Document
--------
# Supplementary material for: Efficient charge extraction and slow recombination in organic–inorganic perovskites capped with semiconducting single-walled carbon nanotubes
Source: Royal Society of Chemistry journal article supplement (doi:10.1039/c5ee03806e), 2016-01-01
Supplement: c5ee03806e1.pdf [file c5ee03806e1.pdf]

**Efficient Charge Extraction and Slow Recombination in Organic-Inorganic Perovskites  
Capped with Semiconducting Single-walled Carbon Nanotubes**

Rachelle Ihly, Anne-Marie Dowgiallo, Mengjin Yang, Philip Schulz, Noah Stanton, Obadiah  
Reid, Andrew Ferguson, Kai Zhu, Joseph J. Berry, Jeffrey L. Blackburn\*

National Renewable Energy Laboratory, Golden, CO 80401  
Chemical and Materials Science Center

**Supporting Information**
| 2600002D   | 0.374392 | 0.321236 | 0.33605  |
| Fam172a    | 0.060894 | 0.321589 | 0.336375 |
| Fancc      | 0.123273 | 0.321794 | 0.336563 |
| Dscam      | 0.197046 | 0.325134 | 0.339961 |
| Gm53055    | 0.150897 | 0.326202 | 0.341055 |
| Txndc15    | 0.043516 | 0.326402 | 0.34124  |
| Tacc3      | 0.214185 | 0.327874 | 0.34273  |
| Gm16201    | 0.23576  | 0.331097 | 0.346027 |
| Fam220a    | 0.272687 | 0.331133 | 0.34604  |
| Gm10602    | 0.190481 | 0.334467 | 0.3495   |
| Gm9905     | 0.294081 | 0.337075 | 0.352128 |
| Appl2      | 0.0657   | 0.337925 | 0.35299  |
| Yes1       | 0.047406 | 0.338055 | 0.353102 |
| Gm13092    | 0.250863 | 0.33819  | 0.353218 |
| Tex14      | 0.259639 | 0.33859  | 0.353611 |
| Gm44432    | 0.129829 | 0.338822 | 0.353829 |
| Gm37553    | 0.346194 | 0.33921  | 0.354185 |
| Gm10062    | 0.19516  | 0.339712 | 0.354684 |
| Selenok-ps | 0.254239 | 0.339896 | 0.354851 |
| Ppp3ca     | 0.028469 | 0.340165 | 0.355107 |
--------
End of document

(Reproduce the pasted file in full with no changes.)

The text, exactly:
# Supplementary material for: Efficient charge extraction and slow recombination in organic–inorganic perovskites capped with semiconducting single-walled carbon nanotubes
Source: Royal Society of Chemistry journal article supplement (doi:10.1039/c5ee03806e), 2016-01-01
Supplement: c5ee03806e1.pdf [file c5ee03806e1.pdf]

**Efficient Charge Extraction and Slow Recombination in Organic-Inorganic Perovskites  
Capped with Semiconducting Single-walled Carbon Nanotubes**

Rachelle Ihly, Anne-Marie Dowgiallo, Mengjin Yang, Philip Schulz, Noah Stanton, Obadiah  
Reid, Andrew Ferguson, Kai Zhu, Joseph J. Berry, Jeffrey L. Blackburn\*

National Renewable Energy Laboratory, Golden, CO 80401  
Chemical and Materials Science Center

**Supporting Information**
| 2600002D   | 0.374392 | 0.321236 | 0.33605  |
| Fam172a    | 0.060894 | 0.321589 | 0.336375 |
| Fancc      | 0.123273 | 0.321794 | 0.336563 |
| Dscam      | 0.197046 | 0.325134 | 0.339961 |
| Gm53055    | 0.150897 | 0.326202 | 0.341055 |
| Txndc15    | 0.043516 | 0.326402 | 0.34124  |
| Tacc3      | 0.214185 | 0.327874 | 0.34273  |
| Gm16201    | 0.23576  | 0.331097 | 0.346027 |
| Fam220a    | 0.272687 | 0.331133 | 0.34604  |
| Gm10602    | 0.190481 | 0.334467 | 0.3495   |
| Gm9905     | 0.294081 | 0.337075 | 0.352128 |
| Appl2      | 0.0657   | 0.337925 | 0.35299  |
| Yes1       | 0.047406 | 0.338055 | 0.353102 |
| Gm13092    | 0.250863 | 0.33819  | 0.353218 |
| Tex14      | 0.259639 | 0.33859  | 0.353611 |
| Gm44432    | 0.129829 | 0.338822 | 0.353829 |
| Gm37553    | 0.346194 | 0.33921  | 0.354185 |
| Gm10062    | 0.19516  | 0.339712 | 0.354684 |
| Selenok-ps | 0.254239 | 0.339896 | 0.354851 |
| Ppp3ca     | 0.028469 | 0.340165 | 0.355107 |